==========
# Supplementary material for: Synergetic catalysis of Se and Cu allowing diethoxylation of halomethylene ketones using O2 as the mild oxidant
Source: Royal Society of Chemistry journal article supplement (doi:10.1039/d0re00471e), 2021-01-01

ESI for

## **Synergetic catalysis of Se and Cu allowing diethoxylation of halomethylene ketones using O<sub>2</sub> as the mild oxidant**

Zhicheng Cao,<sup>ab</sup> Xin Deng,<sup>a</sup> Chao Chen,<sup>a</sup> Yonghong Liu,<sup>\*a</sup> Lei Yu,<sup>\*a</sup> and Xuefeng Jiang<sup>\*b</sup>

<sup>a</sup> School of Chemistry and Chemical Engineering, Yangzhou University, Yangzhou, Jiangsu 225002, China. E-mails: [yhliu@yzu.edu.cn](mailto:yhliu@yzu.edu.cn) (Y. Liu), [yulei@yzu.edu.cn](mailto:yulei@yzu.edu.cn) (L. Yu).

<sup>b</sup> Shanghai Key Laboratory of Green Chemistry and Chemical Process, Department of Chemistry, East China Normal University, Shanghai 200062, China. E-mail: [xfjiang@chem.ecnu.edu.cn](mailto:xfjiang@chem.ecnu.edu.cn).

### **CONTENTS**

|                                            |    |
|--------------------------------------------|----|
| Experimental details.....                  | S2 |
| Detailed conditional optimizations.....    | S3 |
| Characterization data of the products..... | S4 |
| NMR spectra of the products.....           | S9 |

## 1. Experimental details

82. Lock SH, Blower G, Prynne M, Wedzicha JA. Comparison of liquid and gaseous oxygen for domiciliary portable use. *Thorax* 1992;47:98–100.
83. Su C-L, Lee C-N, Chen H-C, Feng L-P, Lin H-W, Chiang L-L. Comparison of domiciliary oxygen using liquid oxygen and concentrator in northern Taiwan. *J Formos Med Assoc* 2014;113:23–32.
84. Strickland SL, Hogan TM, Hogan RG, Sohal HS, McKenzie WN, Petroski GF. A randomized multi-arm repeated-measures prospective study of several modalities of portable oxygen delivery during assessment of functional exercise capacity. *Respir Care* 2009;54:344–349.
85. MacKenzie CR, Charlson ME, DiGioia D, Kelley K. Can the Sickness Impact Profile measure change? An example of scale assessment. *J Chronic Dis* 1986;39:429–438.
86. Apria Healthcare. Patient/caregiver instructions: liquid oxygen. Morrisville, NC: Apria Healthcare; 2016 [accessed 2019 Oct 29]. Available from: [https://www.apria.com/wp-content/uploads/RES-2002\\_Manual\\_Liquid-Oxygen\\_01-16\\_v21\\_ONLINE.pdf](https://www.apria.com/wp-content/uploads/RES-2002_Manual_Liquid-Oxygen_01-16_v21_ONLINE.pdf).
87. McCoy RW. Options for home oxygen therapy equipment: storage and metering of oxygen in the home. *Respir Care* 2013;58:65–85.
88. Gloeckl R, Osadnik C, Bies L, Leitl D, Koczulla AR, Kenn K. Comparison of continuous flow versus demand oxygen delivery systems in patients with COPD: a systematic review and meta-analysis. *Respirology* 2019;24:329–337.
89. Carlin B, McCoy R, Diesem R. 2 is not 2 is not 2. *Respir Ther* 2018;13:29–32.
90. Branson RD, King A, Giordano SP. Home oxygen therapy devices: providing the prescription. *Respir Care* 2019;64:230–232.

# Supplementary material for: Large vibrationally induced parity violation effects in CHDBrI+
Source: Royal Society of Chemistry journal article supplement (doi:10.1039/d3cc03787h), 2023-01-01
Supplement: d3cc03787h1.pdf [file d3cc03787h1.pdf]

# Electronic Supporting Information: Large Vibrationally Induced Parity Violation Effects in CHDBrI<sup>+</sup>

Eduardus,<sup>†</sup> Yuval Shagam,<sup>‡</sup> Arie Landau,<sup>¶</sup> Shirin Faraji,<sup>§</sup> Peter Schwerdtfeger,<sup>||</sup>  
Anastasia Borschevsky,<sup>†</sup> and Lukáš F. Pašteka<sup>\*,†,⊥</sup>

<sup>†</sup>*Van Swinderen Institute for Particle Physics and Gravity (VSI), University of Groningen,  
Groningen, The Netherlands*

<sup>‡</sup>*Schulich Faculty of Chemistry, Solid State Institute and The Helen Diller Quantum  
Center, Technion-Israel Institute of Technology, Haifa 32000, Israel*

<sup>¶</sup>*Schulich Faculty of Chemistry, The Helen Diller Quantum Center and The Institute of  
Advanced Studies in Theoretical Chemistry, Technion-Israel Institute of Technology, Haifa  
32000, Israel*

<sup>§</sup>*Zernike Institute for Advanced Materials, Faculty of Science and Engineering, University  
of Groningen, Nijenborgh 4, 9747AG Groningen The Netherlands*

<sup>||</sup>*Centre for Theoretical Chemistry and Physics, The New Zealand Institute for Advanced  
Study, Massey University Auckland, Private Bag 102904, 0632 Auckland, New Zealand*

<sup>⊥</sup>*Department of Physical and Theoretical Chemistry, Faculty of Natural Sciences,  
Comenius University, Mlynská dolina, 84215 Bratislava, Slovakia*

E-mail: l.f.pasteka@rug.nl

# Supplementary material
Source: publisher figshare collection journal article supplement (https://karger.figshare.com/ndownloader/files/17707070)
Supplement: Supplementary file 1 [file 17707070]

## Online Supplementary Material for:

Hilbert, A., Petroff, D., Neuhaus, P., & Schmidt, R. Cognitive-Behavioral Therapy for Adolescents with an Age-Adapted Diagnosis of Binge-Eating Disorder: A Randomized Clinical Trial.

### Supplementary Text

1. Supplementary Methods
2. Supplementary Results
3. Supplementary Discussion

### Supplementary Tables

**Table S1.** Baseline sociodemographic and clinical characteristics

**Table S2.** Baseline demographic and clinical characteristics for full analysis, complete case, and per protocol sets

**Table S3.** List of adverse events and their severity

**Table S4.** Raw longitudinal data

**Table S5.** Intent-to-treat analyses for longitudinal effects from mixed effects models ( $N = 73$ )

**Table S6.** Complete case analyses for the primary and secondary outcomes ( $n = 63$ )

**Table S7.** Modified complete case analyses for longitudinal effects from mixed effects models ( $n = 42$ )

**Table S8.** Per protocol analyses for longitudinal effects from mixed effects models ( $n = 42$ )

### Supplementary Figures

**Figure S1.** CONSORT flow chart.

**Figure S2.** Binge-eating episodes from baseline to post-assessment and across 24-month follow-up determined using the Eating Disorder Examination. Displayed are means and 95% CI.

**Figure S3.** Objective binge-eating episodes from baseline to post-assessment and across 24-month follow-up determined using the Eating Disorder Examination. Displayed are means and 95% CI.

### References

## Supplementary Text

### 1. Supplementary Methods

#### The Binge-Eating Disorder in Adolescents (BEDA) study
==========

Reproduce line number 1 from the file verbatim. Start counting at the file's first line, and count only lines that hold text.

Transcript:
# Supplementary material for: Synergetic catalysis of Se and Cu allowing diethoxylation of halomethylene ketones using O2 as the mild oxidant